The stock premise of epic fantasy – defeating the Dark Lord to save the kingdom – has always sat awkwardly with me, if only because it so often comes to feel as though the world in question only exists as a setting for that one battle, and not as a realm in its own right… Ultimate confrontations with ancient evil are fine, to be sure, but they don’t lend much to the idea of a world which, left to its own devices, will just be a world: one where good and evil are intermingled in everyday human activity, rather than being the sole province of warring gods and their acolytes.
It’s a view I stand by, and something I think it’s important to remember. More and more often, it feels like arguments about writing in the SFF community – such as the recent Mary Sue debate, for instance – hinge on a fundamental failure to distinguish between bad writing and narrative tropes and decisions exacerbated by bad writing, as though the inclusion of specific ideas, character traits or story-forms is the real problem, and not, as might actually be the case, the quality of their execution. Point being, I think we’ve started to become a bit too deeply invested in streamlined narratives. We talk about trimming the dead weight from stories the same way one might imagine some shark-smiled management consultant talking about axing the creative department over budgetary concerns; as though the story is a high-profile office in which can be found no room for cheerful, eccentric sentences who wear colourful shirts on Friday and eat all the biscuits at meetings. Stories without foible, indulgence or quirk, but where everything must arrive at 9am sharp in a business suit with a briefcase. In fact, it strikes me as telling that much of the language we use to discuss the improvement of books is simultaneously fat-phobic, sports-centric and corporate. Bad books are flabby, soft and bloated; good books are lean, raw and hard-hitting. Or maybe I’m just projecting.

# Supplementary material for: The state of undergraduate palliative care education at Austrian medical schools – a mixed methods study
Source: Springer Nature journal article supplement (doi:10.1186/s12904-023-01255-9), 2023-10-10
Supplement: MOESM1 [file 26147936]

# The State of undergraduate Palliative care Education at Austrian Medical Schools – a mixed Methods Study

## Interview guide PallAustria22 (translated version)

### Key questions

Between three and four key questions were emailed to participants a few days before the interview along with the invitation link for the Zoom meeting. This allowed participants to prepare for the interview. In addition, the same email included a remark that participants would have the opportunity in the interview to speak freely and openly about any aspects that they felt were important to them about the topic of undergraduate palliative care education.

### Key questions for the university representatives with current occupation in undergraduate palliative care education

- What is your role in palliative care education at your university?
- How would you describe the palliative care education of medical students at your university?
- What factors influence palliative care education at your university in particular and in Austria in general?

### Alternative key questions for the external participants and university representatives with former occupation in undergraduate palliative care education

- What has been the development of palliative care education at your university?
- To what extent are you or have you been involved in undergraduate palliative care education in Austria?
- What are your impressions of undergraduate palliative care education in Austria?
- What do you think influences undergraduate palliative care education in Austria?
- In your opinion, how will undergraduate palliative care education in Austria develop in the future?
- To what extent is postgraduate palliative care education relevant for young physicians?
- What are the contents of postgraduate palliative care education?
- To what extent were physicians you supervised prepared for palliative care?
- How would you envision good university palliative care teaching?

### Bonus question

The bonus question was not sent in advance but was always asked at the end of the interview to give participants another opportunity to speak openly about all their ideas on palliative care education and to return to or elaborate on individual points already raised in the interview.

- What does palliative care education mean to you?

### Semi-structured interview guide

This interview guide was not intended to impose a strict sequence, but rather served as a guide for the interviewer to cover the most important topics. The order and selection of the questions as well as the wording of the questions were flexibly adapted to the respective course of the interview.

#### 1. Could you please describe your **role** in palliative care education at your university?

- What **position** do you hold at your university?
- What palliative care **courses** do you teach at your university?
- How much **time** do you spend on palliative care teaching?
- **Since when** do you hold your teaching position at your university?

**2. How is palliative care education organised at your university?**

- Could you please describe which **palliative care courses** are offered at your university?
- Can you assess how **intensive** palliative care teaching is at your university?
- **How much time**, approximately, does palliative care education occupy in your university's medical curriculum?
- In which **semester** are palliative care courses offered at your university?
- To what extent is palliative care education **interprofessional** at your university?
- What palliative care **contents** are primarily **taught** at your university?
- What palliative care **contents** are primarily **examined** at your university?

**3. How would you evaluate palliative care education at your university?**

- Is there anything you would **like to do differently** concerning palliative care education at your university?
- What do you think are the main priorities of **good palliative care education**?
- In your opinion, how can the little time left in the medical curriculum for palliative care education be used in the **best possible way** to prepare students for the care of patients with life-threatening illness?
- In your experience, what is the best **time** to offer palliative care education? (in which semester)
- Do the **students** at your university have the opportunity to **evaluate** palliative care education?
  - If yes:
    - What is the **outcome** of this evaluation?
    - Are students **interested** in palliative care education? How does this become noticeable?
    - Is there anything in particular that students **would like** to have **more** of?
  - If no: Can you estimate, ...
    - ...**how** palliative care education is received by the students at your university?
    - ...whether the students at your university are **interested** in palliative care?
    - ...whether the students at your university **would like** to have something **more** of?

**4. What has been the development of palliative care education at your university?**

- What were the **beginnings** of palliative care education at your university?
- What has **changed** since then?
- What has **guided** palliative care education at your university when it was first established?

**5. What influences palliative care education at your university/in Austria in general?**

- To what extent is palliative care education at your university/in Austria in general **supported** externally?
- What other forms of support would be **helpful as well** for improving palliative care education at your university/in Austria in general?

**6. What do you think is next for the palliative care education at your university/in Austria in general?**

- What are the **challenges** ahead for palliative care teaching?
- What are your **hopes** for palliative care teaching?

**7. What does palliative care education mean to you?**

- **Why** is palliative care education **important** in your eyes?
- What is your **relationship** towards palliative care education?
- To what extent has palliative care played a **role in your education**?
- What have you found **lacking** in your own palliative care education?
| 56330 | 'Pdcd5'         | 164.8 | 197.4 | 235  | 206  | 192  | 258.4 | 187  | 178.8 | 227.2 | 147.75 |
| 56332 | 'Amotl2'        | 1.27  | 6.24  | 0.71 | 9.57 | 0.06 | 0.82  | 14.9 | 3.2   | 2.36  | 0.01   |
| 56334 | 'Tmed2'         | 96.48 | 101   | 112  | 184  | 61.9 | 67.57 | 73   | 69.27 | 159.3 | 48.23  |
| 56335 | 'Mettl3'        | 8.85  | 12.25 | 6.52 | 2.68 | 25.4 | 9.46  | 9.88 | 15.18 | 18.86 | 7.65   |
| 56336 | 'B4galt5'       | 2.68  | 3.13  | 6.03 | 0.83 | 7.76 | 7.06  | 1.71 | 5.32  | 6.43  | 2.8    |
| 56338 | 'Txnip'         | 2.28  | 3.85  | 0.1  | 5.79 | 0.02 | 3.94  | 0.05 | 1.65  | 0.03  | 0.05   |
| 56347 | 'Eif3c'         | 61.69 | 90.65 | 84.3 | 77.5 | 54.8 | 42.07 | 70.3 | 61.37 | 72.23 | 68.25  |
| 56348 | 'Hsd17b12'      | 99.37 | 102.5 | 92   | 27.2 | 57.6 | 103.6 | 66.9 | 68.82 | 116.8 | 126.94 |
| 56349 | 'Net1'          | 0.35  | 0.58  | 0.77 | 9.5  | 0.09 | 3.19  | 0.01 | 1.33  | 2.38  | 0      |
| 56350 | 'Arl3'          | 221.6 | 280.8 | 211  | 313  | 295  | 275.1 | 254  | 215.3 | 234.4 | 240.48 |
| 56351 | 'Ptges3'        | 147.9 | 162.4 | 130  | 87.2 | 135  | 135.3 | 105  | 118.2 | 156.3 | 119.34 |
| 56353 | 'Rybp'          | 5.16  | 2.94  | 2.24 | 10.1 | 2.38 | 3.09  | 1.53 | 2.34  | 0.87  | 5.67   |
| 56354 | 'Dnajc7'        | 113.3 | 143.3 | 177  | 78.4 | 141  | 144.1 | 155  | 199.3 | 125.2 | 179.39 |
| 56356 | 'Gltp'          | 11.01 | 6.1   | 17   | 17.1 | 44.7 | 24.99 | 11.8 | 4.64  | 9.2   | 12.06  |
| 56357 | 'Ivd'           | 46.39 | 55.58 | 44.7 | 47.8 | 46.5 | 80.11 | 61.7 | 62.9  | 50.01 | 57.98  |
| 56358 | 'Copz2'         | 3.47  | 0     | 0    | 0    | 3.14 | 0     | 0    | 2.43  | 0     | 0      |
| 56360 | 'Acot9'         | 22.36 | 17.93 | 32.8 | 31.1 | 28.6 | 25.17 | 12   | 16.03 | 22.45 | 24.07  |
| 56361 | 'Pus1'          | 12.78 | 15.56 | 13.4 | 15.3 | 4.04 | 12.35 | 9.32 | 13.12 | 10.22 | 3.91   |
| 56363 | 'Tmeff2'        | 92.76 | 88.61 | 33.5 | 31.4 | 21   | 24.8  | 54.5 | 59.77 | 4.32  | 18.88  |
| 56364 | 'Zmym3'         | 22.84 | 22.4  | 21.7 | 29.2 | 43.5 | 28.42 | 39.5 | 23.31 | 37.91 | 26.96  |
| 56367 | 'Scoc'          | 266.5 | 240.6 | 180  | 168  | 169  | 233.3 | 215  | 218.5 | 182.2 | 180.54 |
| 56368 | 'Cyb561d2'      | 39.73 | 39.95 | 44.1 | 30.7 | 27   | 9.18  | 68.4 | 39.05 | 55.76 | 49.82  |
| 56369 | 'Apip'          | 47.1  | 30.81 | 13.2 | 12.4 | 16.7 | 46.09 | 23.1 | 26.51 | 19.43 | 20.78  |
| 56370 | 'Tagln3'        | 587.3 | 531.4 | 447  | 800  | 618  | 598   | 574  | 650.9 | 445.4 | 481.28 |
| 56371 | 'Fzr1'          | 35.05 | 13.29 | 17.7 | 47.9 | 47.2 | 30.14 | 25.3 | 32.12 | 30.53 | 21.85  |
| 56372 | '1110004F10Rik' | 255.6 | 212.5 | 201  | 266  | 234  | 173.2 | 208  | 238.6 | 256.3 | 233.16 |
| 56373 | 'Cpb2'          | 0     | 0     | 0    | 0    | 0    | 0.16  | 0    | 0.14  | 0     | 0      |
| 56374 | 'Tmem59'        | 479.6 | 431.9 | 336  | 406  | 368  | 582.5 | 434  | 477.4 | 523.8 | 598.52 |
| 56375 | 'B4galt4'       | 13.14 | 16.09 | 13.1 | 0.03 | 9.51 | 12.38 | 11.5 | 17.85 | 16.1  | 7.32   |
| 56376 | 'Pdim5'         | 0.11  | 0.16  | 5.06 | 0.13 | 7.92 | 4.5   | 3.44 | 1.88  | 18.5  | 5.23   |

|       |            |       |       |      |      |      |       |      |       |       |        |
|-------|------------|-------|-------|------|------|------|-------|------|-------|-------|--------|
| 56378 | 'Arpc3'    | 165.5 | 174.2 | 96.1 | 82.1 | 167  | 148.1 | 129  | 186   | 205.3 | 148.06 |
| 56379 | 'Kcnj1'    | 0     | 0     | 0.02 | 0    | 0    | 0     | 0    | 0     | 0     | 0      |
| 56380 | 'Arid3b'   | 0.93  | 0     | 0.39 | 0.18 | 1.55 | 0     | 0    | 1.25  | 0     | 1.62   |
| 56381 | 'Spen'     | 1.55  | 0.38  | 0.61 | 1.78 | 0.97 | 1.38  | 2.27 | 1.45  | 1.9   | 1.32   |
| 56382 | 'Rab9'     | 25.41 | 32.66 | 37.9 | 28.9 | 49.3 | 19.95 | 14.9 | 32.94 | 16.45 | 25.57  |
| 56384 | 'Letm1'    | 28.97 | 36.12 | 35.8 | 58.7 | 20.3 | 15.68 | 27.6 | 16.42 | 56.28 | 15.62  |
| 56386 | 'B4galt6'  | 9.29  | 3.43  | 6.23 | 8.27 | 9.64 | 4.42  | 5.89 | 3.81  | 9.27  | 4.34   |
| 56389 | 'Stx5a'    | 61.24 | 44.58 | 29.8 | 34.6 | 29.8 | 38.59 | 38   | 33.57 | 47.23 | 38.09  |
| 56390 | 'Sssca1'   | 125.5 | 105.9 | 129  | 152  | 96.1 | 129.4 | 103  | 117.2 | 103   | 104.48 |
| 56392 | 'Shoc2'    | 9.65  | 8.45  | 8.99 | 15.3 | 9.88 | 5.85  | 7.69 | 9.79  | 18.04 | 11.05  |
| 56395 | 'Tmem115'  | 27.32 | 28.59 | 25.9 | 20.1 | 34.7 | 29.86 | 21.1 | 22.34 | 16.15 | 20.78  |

In my own writing, I tend to sit somewhere in the middle of the pantser/plotter continuum, which isn’t particularly unusual. Though I almost always start with a single protagonist as a narrative focal point, my casts invariably grow in the worldbuilding process, and while I do write out copious backstory for my original characters, I’m still frequently surprised when bit-players queen themselves, or when planned protagonists turn out to be happy in the background. I chart my main plot points and narrative arc, but leave everything else to chance – often with unexpected results. Some writers are far more rigid; others are far more lax. But if this blog had a point, it was the realisation that the reason my stories tend to end up with so many main characters is because I inevitably become involved with their backstories. As has been pointed out by innumerable people, every character is the hero of their own adventure – and as I’m now nearly 40,000 words into a new novel, jumping between POVs while wrangling multiple events, this felt like a good time to stop and discuss what that actually means. Thanks to O’Duffy, I’ve come away with a much stronger concept of what backstory is – to me, to others and in general. Thanks to Wendig, I’ve got a sharper idea of how to apply it without turning my story into a swamp of boring detail. And thanks to Bodard, I’ve realised the importance of sprawl – not just in the worlds I already love, but in the creation of my own.